Regenerative farming is all about starting from the bottom up, a Waiwera South farmer says.

Over the past three years, learning from other farmers and researching, Mark Anderson has gained a wealth of knowledge about regenerative farming.

After leaving school, Anderson worked locally before travelling. He worked overseas on dairy farms in Canada and England.

On his return home, he took over the now fourth-generation family property, Westridge Farm.


The dairy farm was just under 600ha which milks 750 cows, self-contained.

He and wife Madeline have three children, Harriet (7), Florence (6) and Beau (4).

He said his biggest focus was on the health of the soil and he was lucky to have a contract milker on the farm who was also very conscious of it.

''Planting and fencing off waterways is important ... but, if you can improve your soil health you stop anything damaging getting into the water in the first place.''

Anderson described regenerative agriculture as building up soil, storing more carbon and improving eco-system function.

''It just makes sense to work with nature rather than against it.''

Mark Anderson is trying to plant diverse crops. Pictured is seed for a summer crop of peas, oats, summer turnip, linseed and vetch. Photo / Ella Stokes
Mark Anderson is trying to plant diverse crops. Pictured is seed for a summer crop of peas, oats, summer turnip, linseed and vetch. Photo / Ella Stokes

If the soil was healthy, the plants were healthy and so were the animals and ultimately the humans who eat the products leaving the farm, Anderson said.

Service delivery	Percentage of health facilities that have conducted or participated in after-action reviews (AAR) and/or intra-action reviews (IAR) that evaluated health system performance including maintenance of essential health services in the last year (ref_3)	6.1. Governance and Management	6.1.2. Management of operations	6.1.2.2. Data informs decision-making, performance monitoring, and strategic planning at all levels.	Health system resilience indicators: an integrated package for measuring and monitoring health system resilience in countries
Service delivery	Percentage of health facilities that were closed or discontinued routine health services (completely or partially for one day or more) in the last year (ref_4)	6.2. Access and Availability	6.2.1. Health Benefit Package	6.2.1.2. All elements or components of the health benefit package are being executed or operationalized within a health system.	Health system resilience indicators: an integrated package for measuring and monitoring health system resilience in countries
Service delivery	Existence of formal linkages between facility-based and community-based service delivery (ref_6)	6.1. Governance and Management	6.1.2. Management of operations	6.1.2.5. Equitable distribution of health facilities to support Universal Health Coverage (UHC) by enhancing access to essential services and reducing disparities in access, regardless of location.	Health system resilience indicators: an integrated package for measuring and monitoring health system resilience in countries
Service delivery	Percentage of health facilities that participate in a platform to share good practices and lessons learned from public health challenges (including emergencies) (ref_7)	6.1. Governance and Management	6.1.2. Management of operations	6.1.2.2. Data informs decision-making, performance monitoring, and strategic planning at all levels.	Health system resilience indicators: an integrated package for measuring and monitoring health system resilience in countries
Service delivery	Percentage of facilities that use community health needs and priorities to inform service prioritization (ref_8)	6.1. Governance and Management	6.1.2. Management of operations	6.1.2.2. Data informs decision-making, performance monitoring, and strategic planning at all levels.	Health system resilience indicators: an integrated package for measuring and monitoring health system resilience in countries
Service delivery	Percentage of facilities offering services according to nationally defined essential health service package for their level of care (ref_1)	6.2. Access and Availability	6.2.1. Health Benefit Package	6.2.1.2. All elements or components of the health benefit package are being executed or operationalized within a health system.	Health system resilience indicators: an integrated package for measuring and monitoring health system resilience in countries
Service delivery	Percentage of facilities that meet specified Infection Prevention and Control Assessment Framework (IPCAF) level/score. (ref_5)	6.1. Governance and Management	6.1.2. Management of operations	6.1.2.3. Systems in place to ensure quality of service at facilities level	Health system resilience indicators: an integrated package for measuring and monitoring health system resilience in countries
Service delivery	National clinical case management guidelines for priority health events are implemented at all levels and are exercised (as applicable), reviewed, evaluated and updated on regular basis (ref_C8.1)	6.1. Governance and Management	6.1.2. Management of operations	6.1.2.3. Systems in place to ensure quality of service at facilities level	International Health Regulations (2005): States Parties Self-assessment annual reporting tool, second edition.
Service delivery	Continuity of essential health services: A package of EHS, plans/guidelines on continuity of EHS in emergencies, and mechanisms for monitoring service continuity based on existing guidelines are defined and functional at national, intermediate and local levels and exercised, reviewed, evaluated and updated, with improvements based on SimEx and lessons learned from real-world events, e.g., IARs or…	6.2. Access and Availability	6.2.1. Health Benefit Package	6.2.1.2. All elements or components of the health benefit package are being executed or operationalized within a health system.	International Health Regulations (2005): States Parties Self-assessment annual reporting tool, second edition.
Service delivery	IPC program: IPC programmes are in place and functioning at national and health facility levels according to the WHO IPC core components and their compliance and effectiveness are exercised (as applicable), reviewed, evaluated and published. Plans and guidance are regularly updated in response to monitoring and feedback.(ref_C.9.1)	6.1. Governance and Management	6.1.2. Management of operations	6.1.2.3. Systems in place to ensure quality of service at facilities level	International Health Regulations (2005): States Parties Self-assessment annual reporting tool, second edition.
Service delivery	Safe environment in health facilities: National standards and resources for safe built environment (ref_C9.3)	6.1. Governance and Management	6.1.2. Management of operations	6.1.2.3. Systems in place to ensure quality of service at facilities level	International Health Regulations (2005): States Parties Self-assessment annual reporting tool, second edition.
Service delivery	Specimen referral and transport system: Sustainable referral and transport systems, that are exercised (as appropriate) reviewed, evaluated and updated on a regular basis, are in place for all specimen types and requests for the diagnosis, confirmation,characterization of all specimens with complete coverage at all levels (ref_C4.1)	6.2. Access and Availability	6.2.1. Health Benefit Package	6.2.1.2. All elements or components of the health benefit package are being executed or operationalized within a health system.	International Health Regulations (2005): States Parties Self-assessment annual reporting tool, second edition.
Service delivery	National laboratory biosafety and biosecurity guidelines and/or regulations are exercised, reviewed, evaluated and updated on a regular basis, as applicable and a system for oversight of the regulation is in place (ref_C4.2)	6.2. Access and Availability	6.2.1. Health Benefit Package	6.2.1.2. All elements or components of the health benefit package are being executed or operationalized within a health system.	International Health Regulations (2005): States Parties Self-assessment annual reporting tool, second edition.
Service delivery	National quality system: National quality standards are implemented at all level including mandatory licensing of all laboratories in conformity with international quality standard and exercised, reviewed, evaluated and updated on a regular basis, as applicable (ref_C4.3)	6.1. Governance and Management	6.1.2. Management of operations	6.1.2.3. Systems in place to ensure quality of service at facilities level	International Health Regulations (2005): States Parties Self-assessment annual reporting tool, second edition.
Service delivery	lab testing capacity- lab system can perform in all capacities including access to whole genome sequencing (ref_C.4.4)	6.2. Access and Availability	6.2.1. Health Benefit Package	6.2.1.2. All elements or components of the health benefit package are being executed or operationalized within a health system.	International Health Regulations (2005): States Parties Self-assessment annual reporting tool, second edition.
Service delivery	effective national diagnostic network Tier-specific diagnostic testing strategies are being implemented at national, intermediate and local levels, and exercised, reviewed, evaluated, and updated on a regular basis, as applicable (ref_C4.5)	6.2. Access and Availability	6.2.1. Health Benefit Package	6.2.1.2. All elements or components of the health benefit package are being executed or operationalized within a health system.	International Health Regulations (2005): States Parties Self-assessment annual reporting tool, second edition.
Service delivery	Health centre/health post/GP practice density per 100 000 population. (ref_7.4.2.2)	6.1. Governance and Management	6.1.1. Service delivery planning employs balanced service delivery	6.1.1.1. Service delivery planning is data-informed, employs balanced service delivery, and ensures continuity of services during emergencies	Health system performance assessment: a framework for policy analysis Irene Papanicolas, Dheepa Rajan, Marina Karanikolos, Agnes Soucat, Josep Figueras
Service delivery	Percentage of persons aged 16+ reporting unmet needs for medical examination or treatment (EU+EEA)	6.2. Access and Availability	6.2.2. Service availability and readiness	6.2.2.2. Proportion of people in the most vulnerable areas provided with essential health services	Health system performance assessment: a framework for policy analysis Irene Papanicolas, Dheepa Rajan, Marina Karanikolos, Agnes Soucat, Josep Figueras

He was passionate about improving the soil quality and had some main principles he used to achieve it.

1. Through raising pasture heights and residual heights to maximise solar energy harvest and grow more grass.

Anderson said pasture plant roots go down as deep as the plant is tall, so taller grazing and residuals allowed plant roots to pump liquid carbon deeper into the soil to grow organic matter.

He aimed to have the cows in each section of pasture for less than half a day on 30-day rounds with an aim of 40 days in summer.

2. Mobbing cattle tighter but giving them more breaks per day.

Anderson said this was a way to find the goldilocks residual which would allow plants to recover the fastest but still provided the quality for the stock to feed.

3. Sowing multi-species pastures and winter crops.

Diverse plants can capture more solar energy per square metre.

Anderson has quite the mixture when it comes to both his pastures and winter crop and said this was an efficient way to boost both health of animals and soil quality.

His winter crop recipe is a range of species from buckwheat, linseed, persian clover, white oats, plantain, sunflower, vetch, ryecorn, fuel kale, prairie grass and more.

4. Avoid soil disturbance caused by tillage.

During winter and even summer Westridge Farm could experience high levels of rainfall Anderson said.

He has since invested in stand-off pads to protect the soil during wet weather.

Anderson said although he had done some of his own research, he had learnt much from other farmers.

''Farmers nearby opened my eyes to how we can farm better.''

In future, Anderson has goals to help educate others from his own experiences.

''Everyone is trying their best to improve the quality of their farming systems. It's good to learn what other people are doing on their farms and see if it might work on yours.''

- Southern Rural Life